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Gastric mucosa

From Wikipedia, the free encyclopedia
Gastric mucosa
Section of mucous membrane of human stomach, near the cardiac orifice. X 45. c. Cardiac glands. d. Their ducts. cr. Gland similar to the intestinal glands, with goblet cells. mm. Mucous membrane. m. Muscularis mucosæ. m’. Muscular tissue within the mucous membrane.
Latintunica mucosa gastris
Anatomical terminology
Diagram of the alkaline mucous layer in the stomach with mucosal defense mechanisms

The gastric mucosa is the mucous membrane layer of the stomach, which contains the gastric pits, to which the gastric glands empty. In humans, it is about one mm thick, and its surface is smooth, soft, and velvety. It consists of simple secretory columnar epithelium, an underlying supportive layer of loose connective tissue called the lamina propria, and the muscularis mucosae, a thin layer of muscle that separates the mucosa from the underlying submucosa.


In its fresh state, it is of a pinkish tinge at the pyloric end and of a red or reddish-brown color over the rest of its surface. In infancy it is of a brighter hue, the vascular redness being more marked.

It is thin at the cardiac extremity, but thicker toward the pylorus. During the contracted state of the organ it is thrown into numerous folds or rugae, which, for the most part, have a longitudinal direction, and are most marked toward the pyloric end of the stomach, and along the greater curvature. These folds are entirely obliterated when the organ becomes distended.

When examined with a lens, the inner surface of the mucous membrane presents a peculiar honeycomb appearance from being covered with funnel-like depressions or foveolae of a polygonal or hexagonal form, which vary from 0.12 to 0.25 mm. in diameter. These are the ducts of the gastric glands, and at the bottom of each may be seen one or more minute orifices, the openings of the gland tubes. Gastric glands are simple or branched tubular glands that emerge on the deeper part of the gastric pits, inside the gastric areas and outlined by the folds of the mucosa.

Gastric glands[edit]

The gastric glands in the cardiac region of the stomach are known as cardiac glands. In the pyloric region the glands are known as pyloric glands, and in the rest of the stomach they are called gastric glands.[1]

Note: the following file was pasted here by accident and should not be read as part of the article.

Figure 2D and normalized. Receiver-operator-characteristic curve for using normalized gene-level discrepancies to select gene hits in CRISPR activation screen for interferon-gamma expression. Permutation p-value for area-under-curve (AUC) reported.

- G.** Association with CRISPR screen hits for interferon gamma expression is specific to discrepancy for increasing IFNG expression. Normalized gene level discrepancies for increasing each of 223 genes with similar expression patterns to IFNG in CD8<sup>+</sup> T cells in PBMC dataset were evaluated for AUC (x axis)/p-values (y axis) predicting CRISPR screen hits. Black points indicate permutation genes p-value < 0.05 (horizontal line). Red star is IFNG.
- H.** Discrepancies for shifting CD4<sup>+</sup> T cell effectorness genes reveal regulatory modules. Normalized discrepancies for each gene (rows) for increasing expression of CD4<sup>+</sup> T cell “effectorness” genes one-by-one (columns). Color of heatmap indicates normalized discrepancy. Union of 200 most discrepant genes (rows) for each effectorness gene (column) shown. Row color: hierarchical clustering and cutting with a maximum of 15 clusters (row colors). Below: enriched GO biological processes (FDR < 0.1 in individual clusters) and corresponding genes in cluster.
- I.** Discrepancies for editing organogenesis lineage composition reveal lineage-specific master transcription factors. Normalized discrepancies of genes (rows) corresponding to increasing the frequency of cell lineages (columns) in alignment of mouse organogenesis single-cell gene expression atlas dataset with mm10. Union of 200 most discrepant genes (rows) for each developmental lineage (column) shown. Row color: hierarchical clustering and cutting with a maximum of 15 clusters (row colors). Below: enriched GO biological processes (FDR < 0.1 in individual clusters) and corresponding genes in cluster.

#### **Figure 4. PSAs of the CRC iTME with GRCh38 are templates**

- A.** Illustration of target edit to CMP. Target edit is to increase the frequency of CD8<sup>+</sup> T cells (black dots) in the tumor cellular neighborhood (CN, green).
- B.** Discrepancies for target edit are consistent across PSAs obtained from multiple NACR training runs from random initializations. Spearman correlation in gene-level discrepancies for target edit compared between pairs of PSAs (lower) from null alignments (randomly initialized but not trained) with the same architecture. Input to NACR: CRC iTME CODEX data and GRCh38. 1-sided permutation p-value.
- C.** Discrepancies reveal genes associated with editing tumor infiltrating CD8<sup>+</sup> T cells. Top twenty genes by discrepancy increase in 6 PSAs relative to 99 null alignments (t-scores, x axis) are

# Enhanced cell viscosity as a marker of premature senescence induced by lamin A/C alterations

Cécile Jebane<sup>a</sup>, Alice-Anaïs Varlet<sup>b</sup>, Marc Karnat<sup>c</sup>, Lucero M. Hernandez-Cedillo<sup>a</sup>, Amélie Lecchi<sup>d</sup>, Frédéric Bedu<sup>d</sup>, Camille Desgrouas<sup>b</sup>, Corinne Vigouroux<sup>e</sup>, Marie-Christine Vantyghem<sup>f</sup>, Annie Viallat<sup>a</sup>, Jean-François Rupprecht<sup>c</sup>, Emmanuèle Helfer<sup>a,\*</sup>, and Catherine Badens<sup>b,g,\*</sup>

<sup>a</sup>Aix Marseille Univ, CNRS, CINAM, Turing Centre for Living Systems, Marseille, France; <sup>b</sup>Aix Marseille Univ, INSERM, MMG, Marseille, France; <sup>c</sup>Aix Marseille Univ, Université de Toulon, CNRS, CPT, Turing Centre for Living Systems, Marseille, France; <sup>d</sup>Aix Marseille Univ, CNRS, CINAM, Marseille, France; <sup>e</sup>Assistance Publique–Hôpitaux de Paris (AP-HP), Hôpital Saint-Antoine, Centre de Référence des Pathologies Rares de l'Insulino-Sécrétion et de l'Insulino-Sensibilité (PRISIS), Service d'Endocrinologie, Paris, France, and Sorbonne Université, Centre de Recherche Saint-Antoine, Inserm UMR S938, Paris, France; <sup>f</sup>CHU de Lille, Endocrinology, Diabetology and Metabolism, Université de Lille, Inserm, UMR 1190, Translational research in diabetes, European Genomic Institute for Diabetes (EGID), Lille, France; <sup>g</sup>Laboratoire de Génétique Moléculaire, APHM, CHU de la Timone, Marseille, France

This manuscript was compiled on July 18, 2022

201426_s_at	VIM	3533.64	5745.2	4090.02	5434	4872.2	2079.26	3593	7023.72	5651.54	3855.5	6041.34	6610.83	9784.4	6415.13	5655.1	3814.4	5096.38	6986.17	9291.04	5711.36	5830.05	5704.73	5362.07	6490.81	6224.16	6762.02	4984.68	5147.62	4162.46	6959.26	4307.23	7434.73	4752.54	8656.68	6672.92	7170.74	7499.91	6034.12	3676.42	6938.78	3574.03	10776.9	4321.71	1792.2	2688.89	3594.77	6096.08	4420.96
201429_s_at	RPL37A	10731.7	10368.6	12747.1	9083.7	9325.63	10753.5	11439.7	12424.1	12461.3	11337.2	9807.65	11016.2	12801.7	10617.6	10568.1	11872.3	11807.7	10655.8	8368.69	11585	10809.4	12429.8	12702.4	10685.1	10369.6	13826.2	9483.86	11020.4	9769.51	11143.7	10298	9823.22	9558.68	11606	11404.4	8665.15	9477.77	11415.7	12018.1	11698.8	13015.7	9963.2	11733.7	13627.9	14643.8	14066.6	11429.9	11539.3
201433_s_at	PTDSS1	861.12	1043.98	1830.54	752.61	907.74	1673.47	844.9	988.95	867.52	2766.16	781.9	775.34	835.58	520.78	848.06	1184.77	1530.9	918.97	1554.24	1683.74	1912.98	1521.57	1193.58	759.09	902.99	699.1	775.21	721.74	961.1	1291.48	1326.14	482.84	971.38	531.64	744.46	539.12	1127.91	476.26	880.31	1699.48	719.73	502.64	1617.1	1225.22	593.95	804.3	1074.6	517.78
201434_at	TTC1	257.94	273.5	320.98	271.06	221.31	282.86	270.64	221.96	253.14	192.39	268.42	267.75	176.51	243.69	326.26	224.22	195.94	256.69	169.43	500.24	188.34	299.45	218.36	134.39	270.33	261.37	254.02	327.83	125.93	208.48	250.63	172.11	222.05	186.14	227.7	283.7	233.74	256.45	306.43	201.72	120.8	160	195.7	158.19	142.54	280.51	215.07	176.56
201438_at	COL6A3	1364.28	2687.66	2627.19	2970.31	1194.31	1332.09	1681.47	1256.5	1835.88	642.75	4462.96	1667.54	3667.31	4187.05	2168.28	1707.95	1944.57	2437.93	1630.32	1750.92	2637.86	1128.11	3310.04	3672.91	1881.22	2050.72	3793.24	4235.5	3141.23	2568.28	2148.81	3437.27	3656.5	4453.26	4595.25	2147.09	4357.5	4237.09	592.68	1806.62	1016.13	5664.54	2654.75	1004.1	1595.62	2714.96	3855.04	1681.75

Several types of endocrine cells are found in the gastric glands. The pyloric glands contain gastrin-producing cells (G cells); this hormone stimulates acid production from the parietal cells. Enterochromaffin-like cells (ECLs), found in the oxyntic glands release histamine, which also is a powerful stimulant of the acid secretion.


The surface of the mucous membrane is covered by a single layer of columnar epithelium. This epithelium commences very abruptly at the cardiac orifice, where there is a sudden transition from the stratified epithelium of the esophagus. The epithelial lining of the gland ducts is of the same character and is continuous with the general epithelial lining of the stomach.

The sodium-iodide symporter (SIP) is expressed in all the surface mucous cells (at the basolateral membrane) but not in the mucous neck cells. SIP mediates the transport of iodide from the bloodstream and secretes it into the gastric lumen where it is taken up in the gastric juice. Its role is not known but it has been shown to be absent in gastric cancer.[2]


See also[edit]


Public domain This article incorporates text in the public domain from page 1166 of the 20th edition of Gray's Anatomy (1918)

  1. ^ Saladin, Kenneth S. (2011). Human anatomy (3rd ed.). New York: McGraw-Hill. pp. 665–666. ISBN 9780071222075.
  2. ^ Altorjay, Áron; Dohán, Orsolya; Szilágyi, Anna; Paroder, Monika; Wapnir, Irene L; Carrasco, Nancy (December 2007). "Expression of the Na+/l-symporter (NIS) is markedly decreased or absent in gastric cancer and intestinal metaplastic mucosa of Barrett esophagus". BMC Cancer. 7 (1): 5. doi:10.1186/1471-2407-7-5. PMC 1794416. PMID 17214887.

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